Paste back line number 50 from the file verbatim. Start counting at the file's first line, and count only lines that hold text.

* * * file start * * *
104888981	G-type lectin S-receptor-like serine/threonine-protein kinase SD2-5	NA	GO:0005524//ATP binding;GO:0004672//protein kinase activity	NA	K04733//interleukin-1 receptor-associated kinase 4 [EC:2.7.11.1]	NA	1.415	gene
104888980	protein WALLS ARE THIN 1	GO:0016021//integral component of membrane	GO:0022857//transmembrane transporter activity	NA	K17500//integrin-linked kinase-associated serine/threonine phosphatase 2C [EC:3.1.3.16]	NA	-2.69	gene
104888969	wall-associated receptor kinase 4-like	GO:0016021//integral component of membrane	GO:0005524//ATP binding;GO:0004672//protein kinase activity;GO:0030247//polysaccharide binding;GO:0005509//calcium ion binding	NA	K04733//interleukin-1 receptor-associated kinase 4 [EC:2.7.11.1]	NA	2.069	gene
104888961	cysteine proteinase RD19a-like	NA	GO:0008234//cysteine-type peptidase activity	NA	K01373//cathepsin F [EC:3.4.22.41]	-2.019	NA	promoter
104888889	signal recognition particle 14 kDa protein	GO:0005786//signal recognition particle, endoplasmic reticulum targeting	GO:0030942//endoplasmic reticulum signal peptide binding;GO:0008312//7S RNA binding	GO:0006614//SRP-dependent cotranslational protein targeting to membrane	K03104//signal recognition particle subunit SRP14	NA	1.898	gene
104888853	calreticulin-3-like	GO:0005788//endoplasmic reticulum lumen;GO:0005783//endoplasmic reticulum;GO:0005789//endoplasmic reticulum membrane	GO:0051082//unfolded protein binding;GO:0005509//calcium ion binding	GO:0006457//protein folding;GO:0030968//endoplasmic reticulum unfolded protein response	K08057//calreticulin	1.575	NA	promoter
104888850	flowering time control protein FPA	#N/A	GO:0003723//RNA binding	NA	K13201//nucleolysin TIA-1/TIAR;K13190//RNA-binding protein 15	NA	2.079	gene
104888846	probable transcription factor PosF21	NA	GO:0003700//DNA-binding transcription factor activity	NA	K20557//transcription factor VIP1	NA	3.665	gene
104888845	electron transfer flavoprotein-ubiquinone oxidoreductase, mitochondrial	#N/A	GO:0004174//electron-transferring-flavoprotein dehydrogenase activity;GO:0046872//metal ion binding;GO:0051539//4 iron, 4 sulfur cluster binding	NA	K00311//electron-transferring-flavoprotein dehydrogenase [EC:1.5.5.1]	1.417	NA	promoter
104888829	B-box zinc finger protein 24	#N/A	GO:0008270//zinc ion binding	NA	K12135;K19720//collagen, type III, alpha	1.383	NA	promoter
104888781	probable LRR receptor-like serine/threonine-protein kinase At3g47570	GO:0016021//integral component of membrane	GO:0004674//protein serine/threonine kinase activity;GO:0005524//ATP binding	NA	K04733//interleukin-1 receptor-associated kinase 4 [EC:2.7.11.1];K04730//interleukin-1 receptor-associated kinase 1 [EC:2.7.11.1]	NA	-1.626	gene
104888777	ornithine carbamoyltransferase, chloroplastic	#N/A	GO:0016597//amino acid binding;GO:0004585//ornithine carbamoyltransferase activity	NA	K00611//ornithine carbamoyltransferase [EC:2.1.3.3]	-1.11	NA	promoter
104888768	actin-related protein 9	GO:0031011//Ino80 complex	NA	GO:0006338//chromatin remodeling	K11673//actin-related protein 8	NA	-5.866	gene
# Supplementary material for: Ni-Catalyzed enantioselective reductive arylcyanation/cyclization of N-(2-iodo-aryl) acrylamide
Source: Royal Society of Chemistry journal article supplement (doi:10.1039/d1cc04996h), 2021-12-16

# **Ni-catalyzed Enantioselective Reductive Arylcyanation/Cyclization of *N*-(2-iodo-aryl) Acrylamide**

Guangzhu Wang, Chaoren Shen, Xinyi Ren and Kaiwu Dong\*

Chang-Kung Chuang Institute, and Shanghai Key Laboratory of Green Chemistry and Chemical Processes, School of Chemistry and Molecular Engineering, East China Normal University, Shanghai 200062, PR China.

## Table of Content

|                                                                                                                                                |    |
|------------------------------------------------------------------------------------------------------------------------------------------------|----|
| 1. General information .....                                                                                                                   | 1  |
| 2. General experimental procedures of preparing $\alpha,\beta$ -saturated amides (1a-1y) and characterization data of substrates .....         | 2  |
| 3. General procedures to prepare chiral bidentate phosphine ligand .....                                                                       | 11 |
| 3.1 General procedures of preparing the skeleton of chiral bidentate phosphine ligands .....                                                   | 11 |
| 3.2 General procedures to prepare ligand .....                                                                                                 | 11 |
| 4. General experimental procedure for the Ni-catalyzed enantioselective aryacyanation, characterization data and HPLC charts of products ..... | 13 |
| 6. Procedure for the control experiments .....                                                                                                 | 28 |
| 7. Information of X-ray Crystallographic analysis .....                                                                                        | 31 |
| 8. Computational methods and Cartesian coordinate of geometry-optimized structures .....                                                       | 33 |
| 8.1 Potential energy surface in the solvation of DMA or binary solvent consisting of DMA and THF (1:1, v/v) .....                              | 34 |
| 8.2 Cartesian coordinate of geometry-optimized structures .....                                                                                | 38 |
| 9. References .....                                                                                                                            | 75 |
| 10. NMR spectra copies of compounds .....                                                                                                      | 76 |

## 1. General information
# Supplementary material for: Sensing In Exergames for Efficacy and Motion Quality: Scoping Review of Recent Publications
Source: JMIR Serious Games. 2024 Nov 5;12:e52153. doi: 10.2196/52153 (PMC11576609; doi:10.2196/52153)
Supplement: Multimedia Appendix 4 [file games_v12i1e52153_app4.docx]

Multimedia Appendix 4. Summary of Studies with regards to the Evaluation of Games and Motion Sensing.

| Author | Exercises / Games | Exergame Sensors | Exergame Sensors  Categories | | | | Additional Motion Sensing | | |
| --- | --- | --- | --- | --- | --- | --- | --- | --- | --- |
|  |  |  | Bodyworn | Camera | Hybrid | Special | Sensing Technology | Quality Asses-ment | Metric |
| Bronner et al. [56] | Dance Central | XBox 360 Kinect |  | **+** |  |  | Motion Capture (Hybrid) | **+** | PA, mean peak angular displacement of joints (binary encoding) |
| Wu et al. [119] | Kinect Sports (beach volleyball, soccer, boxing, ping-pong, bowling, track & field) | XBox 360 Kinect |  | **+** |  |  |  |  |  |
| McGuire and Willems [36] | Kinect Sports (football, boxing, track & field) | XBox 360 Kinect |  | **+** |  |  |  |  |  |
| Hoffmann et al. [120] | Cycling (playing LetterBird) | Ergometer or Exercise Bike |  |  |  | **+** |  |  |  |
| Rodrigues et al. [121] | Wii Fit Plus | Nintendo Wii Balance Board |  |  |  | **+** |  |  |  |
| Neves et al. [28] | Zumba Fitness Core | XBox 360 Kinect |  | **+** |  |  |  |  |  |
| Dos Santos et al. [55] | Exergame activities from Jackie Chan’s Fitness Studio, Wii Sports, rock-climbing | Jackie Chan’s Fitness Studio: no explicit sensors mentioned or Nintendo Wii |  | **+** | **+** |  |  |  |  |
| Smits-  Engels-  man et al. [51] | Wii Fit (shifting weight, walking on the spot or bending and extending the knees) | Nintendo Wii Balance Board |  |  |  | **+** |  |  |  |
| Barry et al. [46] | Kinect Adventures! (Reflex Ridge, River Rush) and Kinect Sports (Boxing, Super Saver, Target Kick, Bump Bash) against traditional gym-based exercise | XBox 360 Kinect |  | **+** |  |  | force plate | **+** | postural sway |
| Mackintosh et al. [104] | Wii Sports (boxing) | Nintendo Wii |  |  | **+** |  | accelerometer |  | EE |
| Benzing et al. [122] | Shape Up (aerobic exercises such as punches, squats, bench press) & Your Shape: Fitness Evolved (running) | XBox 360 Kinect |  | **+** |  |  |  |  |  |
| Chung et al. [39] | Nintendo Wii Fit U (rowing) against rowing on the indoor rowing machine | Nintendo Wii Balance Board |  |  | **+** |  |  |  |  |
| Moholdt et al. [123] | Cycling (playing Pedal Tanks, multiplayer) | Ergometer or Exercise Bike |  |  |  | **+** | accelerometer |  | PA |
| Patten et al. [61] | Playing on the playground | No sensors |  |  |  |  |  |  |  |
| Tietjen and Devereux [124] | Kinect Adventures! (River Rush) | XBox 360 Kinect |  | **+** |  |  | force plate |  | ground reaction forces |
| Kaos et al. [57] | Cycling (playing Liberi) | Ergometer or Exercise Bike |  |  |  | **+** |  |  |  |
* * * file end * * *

| Smits-  Engels-  man et al. [51] | Wii Fit (shifting weight, walking on the spot or bending and extending the knees) | Nintendo Wii Balance Board |  |  |  | **+** |  |  |  |